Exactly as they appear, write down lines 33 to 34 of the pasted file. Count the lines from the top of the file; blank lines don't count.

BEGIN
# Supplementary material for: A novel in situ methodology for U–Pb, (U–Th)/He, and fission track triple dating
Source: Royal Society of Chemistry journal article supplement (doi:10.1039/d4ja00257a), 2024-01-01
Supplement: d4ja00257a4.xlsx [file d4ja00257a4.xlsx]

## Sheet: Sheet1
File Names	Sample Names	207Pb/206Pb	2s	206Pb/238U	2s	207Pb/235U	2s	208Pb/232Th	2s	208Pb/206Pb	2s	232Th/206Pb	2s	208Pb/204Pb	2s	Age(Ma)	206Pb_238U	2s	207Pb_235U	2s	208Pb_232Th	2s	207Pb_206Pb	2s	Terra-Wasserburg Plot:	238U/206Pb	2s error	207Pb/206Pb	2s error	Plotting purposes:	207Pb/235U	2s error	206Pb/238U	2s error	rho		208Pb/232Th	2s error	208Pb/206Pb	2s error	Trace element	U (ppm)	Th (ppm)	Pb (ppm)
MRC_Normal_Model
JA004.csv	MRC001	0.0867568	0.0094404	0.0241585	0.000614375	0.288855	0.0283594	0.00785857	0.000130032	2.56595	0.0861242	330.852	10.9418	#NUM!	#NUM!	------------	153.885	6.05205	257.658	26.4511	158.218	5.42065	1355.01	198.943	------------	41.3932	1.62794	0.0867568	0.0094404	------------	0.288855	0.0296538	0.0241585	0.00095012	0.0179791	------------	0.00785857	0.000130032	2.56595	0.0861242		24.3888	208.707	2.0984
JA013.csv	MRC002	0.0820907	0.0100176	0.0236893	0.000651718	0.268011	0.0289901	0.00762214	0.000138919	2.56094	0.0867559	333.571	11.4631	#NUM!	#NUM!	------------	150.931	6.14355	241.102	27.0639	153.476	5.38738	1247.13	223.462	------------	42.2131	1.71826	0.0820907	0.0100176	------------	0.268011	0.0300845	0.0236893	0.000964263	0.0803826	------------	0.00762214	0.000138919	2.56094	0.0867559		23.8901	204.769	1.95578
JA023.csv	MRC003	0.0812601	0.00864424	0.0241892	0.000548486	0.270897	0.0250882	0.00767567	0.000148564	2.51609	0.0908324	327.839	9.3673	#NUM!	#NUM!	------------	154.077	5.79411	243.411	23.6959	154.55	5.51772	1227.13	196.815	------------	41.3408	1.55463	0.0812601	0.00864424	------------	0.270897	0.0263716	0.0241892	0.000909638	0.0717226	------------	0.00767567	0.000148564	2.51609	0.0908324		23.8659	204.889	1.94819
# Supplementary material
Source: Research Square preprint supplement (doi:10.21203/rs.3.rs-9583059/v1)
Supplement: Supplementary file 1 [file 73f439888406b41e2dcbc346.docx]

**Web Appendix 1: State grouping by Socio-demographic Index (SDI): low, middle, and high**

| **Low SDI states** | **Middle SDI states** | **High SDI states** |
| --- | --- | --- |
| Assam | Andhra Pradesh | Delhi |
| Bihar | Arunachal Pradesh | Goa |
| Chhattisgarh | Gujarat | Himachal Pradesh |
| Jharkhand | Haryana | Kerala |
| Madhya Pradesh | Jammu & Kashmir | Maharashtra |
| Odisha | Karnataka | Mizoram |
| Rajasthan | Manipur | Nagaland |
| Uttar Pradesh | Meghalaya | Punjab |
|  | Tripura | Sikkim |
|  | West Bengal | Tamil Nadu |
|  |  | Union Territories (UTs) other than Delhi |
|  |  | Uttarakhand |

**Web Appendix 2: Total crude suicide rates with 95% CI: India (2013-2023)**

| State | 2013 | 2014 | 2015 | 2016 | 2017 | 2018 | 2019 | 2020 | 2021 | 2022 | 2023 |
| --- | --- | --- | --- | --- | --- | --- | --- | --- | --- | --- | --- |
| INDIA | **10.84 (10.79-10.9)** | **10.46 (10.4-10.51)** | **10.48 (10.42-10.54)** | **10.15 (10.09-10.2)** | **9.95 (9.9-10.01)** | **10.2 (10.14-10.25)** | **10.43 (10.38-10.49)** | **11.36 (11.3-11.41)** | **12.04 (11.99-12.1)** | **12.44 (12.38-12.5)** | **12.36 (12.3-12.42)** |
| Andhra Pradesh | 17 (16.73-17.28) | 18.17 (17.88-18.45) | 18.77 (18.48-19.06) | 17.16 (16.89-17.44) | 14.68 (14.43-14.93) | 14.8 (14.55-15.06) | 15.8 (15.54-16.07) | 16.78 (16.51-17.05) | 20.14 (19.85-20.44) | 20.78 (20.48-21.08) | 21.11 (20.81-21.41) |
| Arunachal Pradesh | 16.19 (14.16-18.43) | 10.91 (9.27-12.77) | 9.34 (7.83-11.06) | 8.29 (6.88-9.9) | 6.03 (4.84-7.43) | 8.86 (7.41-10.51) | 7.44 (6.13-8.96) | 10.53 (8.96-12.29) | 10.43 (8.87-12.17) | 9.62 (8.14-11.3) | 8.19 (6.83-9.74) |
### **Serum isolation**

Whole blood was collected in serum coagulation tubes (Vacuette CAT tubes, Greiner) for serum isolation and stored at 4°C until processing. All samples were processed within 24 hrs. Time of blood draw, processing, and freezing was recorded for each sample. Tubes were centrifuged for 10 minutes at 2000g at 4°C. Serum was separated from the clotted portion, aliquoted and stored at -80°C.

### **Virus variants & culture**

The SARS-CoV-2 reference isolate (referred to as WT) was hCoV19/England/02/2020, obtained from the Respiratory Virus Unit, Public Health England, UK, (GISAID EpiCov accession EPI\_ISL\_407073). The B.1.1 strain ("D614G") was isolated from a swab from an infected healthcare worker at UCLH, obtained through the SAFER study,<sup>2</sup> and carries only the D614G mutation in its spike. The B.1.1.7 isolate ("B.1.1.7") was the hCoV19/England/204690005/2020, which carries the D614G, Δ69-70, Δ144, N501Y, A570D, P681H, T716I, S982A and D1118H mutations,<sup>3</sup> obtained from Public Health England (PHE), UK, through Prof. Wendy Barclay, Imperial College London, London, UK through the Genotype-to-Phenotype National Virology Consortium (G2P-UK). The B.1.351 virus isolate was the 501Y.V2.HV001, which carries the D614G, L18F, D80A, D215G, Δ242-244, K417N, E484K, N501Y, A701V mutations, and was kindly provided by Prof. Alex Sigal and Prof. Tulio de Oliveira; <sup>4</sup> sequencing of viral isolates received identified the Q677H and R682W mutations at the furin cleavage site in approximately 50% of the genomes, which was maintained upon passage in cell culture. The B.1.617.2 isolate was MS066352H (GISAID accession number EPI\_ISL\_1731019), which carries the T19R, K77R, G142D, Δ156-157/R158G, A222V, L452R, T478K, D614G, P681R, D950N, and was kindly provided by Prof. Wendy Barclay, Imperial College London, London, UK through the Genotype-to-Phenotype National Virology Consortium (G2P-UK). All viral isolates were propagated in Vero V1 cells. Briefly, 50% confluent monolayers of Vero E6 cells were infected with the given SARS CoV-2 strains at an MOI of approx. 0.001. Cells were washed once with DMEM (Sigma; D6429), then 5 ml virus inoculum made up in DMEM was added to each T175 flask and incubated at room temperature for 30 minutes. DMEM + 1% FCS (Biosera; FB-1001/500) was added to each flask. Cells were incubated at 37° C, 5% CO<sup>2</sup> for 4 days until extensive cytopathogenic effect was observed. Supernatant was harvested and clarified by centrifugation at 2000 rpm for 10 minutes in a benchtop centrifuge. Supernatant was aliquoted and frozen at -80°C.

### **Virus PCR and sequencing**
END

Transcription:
| Arunachal Pradesh | 16.19 (14.16-18.43) | 10.91 (9.27-12.77) | 9.34 (7.83-11.06) | 8.29 (6.88-9.9) | 6.03 (4.84-7.43) | 8.86 (7.41-10.51) | 7.44 (6.13-8.96) | 10.53 (8.96-12.29) | 10.43 (8.87-12.17) | 9.62 (8.14-11.3) | 8.19 (6.83-9.74) |
### **Serum isolation**